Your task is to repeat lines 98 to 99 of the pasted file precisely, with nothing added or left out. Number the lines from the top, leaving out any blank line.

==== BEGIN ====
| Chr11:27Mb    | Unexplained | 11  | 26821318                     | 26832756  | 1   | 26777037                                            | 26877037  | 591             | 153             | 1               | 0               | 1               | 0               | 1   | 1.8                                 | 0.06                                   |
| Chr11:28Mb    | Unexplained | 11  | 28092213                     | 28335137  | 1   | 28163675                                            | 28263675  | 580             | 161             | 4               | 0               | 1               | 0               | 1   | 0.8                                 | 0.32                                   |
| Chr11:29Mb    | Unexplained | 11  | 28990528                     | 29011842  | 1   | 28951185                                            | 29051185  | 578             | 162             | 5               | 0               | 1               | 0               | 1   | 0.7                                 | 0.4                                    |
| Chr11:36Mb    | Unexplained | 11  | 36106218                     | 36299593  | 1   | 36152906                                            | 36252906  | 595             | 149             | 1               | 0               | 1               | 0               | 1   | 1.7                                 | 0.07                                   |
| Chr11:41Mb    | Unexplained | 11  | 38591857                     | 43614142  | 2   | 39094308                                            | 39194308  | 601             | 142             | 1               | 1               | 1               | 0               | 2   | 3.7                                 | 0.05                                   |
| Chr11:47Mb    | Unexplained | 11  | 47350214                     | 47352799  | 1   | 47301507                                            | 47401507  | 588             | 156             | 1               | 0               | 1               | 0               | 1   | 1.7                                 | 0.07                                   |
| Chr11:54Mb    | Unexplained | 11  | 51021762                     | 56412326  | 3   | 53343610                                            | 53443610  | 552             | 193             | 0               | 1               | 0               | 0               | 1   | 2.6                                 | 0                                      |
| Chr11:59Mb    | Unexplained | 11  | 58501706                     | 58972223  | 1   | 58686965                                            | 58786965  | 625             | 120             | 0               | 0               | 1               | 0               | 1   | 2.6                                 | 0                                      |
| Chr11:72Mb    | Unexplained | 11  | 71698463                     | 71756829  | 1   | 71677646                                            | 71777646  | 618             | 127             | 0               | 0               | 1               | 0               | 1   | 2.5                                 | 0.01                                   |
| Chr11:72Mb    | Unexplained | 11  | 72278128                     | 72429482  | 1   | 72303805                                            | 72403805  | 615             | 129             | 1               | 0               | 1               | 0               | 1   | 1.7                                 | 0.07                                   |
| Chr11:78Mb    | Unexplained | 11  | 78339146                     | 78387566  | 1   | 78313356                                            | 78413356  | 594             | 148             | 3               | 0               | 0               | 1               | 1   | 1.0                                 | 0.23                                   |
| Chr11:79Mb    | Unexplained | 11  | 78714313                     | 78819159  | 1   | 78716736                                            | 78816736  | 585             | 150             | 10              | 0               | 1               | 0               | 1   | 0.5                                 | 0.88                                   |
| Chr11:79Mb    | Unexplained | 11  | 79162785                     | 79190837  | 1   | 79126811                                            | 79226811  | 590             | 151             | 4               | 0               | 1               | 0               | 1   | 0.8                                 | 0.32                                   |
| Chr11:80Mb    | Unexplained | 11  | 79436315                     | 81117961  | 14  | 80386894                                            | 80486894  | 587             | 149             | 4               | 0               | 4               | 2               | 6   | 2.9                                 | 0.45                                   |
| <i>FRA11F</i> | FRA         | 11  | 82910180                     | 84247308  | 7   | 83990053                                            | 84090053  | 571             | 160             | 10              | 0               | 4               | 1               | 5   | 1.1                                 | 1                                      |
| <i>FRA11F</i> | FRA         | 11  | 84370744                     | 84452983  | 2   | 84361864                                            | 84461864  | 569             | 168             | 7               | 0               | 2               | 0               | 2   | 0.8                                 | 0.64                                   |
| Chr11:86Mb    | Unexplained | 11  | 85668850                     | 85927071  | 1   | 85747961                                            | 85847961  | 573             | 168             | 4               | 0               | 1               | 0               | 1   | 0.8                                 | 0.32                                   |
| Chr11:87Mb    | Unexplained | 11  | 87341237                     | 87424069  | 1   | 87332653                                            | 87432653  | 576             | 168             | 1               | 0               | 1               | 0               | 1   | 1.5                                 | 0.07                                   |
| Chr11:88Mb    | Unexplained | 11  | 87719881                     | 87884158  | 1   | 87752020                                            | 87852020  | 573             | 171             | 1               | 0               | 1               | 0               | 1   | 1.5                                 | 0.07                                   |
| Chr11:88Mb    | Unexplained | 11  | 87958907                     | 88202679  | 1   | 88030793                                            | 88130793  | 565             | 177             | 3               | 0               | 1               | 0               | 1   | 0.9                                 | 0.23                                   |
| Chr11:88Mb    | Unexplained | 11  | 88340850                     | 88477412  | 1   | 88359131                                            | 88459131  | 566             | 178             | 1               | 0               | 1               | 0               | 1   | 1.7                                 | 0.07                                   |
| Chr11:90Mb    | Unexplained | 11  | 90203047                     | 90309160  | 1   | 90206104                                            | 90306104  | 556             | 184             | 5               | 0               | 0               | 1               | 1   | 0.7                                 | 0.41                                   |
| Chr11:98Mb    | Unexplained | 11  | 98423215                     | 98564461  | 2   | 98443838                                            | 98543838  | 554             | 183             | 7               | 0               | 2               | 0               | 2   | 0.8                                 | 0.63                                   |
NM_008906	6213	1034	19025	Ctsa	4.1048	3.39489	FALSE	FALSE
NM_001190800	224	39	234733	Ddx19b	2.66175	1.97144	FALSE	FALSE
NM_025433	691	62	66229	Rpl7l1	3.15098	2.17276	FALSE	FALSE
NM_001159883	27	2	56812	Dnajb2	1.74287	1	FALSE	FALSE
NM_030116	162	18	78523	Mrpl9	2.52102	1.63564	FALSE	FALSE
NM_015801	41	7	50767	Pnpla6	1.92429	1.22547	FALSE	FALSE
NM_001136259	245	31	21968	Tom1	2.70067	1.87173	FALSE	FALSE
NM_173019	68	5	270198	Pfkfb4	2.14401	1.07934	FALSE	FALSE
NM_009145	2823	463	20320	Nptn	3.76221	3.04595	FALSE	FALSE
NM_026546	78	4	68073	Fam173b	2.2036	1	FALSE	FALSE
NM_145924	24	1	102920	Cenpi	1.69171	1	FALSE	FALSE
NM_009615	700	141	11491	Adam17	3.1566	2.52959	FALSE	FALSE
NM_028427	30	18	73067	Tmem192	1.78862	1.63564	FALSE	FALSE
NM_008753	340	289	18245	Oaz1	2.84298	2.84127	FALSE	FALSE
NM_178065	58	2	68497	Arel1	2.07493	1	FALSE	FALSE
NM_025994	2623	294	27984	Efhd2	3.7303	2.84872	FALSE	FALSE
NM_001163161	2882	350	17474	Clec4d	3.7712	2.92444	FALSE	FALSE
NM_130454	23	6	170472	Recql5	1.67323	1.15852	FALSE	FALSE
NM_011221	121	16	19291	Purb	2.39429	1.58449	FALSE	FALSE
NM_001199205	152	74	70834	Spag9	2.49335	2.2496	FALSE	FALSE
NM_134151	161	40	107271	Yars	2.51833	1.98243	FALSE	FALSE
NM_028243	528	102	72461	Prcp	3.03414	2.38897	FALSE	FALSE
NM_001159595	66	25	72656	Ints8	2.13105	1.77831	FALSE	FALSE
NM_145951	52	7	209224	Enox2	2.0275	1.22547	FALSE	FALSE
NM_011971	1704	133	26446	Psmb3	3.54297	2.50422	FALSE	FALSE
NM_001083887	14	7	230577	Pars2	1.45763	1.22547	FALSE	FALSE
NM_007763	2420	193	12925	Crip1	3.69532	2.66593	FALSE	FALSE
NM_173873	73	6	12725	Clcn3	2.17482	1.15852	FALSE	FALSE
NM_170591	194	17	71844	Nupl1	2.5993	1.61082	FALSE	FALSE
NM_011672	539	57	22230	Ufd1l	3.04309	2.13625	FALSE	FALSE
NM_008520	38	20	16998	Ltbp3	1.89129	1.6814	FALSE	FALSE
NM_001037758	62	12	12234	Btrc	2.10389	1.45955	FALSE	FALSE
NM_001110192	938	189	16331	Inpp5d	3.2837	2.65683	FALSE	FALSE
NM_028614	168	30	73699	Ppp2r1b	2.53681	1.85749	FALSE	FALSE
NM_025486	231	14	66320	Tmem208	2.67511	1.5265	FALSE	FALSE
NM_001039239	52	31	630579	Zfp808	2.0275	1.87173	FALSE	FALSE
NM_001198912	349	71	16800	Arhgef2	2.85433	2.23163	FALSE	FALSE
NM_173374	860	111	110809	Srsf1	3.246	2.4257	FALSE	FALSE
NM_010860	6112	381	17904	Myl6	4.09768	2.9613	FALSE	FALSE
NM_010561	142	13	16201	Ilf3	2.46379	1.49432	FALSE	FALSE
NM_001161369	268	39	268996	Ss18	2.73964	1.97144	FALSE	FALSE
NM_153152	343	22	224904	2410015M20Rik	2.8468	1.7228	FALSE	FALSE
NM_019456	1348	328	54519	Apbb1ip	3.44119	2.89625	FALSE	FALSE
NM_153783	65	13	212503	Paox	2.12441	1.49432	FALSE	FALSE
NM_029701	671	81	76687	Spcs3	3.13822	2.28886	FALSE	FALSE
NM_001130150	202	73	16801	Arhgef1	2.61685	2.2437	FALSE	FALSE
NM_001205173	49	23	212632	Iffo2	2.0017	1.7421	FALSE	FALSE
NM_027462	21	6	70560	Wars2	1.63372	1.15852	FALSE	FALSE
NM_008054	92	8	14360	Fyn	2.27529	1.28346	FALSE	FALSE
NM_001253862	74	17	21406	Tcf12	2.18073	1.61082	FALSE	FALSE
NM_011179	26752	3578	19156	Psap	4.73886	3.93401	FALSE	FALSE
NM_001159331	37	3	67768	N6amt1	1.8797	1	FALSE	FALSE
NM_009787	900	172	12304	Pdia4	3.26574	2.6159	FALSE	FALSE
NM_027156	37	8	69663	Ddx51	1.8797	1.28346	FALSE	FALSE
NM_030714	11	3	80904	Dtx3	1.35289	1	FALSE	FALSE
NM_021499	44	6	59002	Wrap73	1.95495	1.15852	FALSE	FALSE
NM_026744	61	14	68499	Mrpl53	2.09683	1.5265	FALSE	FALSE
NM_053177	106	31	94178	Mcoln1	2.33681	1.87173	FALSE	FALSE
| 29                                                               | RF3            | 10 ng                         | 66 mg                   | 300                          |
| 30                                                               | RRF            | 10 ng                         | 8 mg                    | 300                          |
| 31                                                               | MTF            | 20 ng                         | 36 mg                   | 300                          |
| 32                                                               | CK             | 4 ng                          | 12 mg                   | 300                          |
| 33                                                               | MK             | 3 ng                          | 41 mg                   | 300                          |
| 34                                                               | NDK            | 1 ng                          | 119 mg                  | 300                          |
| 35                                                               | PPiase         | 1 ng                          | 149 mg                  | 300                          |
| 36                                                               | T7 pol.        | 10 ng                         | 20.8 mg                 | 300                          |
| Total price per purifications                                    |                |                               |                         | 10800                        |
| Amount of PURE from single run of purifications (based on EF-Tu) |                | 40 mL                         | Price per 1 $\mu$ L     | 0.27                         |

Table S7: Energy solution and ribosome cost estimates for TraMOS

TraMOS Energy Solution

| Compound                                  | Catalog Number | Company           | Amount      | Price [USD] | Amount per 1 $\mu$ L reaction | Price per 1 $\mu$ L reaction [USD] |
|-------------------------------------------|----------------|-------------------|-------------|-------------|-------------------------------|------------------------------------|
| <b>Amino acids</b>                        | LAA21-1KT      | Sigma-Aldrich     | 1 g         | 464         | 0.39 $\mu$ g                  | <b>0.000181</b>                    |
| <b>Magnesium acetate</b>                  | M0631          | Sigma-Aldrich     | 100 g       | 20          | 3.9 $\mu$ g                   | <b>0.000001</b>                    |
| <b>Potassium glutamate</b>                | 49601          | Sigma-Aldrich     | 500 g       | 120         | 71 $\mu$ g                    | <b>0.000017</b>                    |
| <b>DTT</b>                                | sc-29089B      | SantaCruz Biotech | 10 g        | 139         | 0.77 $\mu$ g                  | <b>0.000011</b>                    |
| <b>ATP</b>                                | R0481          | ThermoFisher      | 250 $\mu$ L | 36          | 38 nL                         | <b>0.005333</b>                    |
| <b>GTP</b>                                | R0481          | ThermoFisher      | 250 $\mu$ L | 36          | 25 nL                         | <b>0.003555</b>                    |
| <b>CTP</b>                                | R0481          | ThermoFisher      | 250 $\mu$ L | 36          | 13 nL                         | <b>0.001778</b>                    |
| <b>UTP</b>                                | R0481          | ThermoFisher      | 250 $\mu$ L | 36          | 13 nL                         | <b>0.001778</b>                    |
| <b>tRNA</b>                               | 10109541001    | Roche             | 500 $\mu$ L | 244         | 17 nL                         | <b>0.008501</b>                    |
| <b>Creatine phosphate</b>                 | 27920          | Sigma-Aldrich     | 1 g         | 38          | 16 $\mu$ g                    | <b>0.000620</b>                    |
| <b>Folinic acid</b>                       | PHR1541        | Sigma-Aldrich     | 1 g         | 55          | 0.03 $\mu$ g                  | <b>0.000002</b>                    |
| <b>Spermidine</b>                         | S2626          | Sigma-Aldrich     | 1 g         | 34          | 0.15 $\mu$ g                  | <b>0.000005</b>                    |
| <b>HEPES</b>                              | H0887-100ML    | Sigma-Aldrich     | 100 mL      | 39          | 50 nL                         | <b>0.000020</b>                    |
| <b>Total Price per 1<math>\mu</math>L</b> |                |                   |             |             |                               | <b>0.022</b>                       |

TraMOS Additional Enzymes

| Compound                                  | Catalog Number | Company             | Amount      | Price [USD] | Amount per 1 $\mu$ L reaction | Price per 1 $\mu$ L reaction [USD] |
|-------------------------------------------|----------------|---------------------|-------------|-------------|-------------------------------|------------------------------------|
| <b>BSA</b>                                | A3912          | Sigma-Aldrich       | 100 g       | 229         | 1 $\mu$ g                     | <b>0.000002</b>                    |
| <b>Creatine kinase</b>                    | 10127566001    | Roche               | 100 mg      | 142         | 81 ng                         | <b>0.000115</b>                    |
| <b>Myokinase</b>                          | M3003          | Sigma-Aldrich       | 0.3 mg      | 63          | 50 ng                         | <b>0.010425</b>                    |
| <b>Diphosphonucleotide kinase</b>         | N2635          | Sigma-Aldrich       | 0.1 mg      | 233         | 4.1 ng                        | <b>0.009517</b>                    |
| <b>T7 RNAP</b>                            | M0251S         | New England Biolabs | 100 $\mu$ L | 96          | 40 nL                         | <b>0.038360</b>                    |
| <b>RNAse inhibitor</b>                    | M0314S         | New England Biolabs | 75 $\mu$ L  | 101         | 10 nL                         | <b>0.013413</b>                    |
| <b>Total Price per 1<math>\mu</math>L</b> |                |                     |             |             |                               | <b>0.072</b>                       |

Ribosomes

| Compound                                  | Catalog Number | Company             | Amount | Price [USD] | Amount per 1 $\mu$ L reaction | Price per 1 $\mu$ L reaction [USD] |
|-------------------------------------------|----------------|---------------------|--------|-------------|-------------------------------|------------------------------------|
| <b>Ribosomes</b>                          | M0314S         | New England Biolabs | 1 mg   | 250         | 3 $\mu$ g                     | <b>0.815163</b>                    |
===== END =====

| <b>Potassium glutamate</b>                | 49601          | Sigma-Aldrich     | 500 g       | 120         | 71 $\mu$ g                    | <b>0.000017</b>                    |
| <b>DTT</b>                                | sc-29089B      | SantaCruz Biotech | 10 g        | 139         | 0.77 $\mu$ g                  | <b>0.000011</b>                    |